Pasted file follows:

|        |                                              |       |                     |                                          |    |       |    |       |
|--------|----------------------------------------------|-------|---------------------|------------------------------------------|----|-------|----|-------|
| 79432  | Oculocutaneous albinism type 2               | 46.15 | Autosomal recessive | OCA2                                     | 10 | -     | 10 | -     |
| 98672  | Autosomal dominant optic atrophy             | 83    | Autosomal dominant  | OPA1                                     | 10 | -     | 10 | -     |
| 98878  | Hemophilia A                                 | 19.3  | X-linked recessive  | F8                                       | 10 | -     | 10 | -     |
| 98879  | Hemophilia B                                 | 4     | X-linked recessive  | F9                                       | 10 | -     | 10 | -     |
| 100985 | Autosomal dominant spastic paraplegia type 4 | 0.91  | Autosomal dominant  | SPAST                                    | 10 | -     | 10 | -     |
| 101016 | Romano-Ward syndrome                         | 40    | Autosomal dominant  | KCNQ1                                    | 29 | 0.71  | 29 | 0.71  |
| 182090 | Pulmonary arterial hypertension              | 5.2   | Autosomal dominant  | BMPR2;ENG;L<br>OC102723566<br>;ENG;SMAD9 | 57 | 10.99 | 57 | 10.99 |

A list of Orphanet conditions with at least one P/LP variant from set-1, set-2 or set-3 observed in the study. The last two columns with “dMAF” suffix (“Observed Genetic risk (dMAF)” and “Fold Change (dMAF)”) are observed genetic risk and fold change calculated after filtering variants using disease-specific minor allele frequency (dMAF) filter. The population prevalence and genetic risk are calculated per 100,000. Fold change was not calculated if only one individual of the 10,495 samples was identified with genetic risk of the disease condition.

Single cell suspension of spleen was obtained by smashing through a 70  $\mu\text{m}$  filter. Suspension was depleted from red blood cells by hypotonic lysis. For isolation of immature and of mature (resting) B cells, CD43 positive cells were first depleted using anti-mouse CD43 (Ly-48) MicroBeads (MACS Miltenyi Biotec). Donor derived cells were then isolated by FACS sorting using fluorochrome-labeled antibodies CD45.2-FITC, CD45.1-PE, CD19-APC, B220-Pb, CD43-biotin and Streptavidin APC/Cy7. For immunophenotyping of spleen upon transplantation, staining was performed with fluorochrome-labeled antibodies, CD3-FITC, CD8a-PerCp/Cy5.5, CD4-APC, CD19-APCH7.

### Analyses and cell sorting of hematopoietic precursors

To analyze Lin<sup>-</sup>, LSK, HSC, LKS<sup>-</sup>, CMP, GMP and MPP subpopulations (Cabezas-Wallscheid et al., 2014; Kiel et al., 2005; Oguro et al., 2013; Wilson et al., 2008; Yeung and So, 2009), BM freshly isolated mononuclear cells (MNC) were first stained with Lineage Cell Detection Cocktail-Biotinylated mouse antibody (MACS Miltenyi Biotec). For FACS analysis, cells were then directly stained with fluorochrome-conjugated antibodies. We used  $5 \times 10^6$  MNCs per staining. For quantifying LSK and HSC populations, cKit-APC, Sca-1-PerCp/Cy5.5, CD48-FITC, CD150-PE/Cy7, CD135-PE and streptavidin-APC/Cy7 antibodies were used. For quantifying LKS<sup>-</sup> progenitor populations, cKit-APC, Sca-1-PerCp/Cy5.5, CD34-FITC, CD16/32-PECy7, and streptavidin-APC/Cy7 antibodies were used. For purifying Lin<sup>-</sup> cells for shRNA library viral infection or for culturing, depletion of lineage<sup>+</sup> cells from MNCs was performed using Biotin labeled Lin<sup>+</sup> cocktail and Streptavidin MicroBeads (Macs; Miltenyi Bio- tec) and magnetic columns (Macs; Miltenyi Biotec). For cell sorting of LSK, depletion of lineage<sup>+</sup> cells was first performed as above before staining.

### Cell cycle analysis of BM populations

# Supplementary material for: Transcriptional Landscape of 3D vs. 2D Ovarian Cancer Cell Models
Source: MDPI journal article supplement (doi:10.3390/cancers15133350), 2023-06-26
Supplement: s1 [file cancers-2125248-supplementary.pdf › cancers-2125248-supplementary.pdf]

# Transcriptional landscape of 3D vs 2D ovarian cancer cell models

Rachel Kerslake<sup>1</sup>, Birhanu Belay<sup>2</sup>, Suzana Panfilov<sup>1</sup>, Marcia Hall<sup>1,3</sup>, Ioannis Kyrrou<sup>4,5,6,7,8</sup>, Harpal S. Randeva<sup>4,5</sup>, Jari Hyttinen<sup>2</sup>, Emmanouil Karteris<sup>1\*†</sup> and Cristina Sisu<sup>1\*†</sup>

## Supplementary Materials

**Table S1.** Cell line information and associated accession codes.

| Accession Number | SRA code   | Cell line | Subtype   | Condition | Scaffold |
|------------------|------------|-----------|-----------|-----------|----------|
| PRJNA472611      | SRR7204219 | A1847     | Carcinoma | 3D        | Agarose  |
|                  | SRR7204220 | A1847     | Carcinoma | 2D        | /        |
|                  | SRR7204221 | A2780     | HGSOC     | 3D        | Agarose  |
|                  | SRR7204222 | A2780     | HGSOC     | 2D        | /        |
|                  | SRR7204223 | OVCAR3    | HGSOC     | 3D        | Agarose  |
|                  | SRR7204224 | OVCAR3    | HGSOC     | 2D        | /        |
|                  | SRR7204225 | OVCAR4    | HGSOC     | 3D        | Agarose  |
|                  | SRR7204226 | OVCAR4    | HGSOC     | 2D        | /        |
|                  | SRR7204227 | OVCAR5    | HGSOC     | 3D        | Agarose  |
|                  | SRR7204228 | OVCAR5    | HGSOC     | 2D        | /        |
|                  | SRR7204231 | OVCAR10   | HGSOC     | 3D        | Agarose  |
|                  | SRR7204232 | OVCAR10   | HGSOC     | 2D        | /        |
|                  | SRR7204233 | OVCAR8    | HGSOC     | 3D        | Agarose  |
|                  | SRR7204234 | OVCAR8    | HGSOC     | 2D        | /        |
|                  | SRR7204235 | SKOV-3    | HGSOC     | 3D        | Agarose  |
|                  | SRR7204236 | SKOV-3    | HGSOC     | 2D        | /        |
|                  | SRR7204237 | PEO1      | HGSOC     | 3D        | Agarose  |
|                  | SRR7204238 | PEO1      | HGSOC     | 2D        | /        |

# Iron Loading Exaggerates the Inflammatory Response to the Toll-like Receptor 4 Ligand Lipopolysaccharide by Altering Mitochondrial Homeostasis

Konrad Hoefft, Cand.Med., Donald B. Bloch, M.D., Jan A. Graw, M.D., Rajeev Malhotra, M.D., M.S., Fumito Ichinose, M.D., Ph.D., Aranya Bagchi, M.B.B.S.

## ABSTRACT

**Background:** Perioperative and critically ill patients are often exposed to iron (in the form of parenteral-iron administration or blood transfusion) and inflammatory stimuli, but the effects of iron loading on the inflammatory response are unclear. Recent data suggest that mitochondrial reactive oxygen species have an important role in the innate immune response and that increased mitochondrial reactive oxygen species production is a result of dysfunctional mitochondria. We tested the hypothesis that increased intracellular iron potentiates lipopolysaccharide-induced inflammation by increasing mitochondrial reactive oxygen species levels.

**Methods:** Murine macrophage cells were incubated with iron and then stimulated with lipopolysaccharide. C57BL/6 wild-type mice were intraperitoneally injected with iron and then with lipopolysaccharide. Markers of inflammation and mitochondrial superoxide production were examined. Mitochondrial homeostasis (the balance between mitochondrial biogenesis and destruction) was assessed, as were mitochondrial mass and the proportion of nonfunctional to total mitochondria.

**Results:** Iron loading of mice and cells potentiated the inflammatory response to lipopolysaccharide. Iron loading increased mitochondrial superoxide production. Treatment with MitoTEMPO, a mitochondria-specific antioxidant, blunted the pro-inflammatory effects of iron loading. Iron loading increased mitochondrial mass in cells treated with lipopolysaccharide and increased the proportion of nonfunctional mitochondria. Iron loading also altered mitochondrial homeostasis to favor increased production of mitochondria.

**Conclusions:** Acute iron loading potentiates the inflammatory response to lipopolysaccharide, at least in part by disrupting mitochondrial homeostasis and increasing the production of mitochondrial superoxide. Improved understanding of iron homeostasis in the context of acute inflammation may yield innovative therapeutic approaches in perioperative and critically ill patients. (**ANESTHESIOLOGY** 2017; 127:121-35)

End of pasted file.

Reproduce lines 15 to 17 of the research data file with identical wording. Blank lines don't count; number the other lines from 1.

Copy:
# Supplementary material for: Transcriptional Landscape of 3D vs. 2D Ovarian Cancer Cell Models
Source: MDPI journal article supplement (doi:10.3390/cancers15133350), 2023-06-26
Supplement: s1 [file cancers-2125248-supplementary.pdf › cancers-2125248-supplementary.pdf]